- Carlos Zambrano scratched from his start:
Zambrano's a quirky guy; with quirky habits and a quirky mound demeanor, so it's to be expected that he'd have a series of quirky things happen to him to keep him on the sidelines once in awhile, but a tired arm happens to pitchers as they hit the home stretch and it generally dissipates as the cooler weather comes along and the adrenaline of the end of the season and the playoffs comes into view. In other words, the Cubs are right to take a conservative tact with their ace and it's probably not anything to be overly concerned about.
- A note on Tim Lincecum's mechanics and those looking to copy them:
Throwing a lights out fastball is something that pitchers are born with and no amount of callasthenics, stretching and copying of the routines of a successful pitcher is going to change that. Even with that reality, there are ways for pitchers to improve their velocity and results within reason. Without the help of a coach or a detailed plan to do what it is Lincecum does, I would hesitate to try and copy it. A pitcher like Lincecum----5'9" (maybe?), 160 lbs (maybe?) and with a 98 mph fastball----has more to do with his physical gifts than to do with what his father taught him; the jury is still out on whether he 's going to be able to handle the longterm workload of being a starting pitcher in the major leagues; only time will tell whether the innovations his father came up with to teach Tim to pitch will bear out.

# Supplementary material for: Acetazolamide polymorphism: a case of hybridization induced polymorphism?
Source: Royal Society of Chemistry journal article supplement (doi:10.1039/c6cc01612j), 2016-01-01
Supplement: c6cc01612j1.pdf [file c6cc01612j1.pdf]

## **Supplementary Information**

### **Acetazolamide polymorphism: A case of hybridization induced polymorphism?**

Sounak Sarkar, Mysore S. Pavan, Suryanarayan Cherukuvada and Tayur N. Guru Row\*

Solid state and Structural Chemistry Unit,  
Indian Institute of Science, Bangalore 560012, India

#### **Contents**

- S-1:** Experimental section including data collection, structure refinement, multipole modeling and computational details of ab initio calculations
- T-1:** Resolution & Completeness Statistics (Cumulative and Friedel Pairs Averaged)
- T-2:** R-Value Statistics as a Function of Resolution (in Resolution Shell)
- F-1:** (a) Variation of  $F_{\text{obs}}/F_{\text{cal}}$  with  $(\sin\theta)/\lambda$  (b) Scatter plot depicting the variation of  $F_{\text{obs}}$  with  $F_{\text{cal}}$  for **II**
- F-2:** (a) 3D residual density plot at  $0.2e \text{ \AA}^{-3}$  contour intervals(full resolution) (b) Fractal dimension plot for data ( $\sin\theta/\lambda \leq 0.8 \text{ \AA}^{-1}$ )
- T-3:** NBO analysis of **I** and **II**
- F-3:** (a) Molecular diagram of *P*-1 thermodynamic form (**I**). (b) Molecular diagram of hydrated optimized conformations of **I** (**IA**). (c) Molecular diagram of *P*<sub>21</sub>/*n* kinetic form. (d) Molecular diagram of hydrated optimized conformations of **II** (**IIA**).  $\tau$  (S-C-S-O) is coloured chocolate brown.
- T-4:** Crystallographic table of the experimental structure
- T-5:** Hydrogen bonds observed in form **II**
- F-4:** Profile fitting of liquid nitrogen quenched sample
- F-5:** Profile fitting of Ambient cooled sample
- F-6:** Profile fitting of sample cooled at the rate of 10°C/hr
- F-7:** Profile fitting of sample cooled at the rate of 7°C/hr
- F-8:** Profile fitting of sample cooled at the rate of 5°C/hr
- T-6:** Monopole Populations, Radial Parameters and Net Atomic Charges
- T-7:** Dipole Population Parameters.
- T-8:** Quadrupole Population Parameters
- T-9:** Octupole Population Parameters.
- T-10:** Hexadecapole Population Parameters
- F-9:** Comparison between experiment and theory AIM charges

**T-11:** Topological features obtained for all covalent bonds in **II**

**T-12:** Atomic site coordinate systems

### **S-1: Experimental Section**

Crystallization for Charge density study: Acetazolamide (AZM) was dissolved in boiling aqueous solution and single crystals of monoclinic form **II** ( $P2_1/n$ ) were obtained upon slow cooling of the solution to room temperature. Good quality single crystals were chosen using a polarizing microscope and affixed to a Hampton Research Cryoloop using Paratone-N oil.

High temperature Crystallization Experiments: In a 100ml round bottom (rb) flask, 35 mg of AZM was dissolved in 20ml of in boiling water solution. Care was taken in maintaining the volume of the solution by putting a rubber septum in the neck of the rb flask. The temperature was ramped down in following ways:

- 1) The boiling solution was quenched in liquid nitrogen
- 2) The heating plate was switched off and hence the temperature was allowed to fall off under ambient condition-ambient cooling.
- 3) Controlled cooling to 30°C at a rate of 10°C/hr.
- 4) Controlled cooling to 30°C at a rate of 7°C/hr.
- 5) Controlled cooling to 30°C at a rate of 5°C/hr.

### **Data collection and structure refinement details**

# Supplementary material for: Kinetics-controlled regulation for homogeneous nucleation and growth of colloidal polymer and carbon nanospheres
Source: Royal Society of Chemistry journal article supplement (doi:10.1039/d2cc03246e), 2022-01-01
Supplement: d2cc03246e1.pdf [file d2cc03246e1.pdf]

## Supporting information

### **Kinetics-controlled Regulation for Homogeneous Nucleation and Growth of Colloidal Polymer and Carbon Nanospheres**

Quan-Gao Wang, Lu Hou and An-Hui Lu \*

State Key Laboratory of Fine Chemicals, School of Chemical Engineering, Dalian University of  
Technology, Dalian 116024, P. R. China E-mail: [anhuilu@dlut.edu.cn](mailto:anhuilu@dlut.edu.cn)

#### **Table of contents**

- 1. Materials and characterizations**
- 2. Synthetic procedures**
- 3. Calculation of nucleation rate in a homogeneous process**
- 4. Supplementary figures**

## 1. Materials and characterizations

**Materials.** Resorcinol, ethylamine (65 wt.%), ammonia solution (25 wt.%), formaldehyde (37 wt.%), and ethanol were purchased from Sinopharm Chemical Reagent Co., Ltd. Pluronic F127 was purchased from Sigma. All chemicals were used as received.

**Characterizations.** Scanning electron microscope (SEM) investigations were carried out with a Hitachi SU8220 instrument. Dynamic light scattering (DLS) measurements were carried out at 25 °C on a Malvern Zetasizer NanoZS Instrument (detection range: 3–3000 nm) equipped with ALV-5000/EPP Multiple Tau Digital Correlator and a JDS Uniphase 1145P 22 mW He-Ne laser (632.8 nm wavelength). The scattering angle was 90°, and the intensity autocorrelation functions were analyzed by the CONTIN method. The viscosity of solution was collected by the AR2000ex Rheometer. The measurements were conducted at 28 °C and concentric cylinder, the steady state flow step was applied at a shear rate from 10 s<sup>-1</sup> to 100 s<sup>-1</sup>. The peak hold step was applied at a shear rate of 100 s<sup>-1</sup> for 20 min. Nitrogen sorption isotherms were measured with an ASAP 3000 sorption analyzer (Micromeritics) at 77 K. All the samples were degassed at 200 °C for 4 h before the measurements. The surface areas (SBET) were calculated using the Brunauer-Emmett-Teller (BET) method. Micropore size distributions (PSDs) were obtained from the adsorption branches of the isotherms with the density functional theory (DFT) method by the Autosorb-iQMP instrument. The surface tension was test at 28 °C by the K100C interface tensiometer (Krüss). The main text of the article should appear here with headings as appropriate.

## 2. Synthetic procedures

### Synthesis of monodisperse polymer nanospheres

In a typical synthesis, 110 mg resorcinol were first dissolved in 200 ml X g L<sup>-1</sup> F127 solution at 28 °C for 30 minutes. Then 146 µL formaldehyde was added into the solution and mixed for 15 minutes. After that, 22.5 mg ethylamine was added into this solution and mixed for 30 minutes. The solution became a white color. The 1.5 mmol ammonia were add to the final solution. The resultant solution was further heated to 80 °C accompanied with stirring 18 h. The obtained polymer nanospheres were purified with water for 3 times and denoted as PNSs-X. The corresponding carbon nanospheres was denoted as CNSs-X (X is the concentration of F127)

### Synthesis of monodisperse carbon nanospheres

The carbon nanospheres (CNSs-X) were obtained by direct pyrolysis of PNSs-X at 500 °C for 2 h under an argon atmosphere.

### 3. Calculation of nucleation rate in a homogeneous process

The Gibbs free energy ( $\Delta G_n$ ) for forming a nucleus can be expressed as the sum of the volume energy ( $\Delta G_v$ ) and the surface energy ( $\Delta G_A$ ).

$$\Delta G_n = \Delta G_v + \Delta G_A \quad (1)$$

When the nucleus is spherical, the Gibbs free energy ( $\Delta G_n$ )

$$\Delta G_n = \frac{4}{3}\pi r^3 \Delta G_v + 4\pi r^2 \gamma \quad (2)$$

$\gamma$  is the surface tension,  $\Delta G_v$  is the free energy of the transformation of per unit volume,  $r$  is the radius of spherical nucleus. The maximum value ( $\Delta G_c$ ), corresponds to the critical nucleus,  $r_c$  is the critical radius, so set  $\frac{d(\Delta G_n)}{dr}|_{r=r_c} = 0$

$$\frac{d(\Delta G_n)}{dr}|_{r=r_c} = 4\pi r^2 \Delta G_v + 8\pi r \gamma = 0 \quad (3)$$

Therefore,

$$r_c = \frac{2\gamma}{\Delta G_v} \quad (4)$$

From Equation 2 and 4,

The odds are that Lincecum would probably throw as hard as he does no matter who taught him and what mechanics he used; the wear and tear and whether or not he stays healthy will be the indicators of the usefulness of his specially designed program and mechanics. The only thing I can recommend for those that are looking for help with their mechanics is a book that helped me a great deal and that book was Nolan Ryan's Pitcher's Bible.
After years of trying to find a guide that was easy to follow and actually made sense (and worked), I stumbled onto Ryan's book probably three or four years too late for it to make a great deal of difference for me, but if there are those that are still within the age range to have a chance of proper mechanics helping their career, I suggest they consider this book. It has clear and easy to understand language of pitching mechanics with checkpoints to make sure you're doing things correctly; suggestions for mental preparation and exercises (weight training, stretching and stamina related) for both starters and relievers. The terminology is the key and it was clear enough to jackhammer it's way through the rock hard melon sitting atop my shoulders that I occasionally refer to as my head, so instead of concentrating on the flavor of the moment in Tim Lincecum, I strongly suggest those that are seeking help try Nolan Ryan's book because it helped me and Ryan had a very long, very durable career that wasn't pockmarked by injuries that are occurring today; some of that may have been due to the improved technology to detect problems, but part of it was because Ryan must've been doing something right.
- Astros 3-Cardinals 0:
- Diamondbacks acquire David Eckstein from the Blue Jays: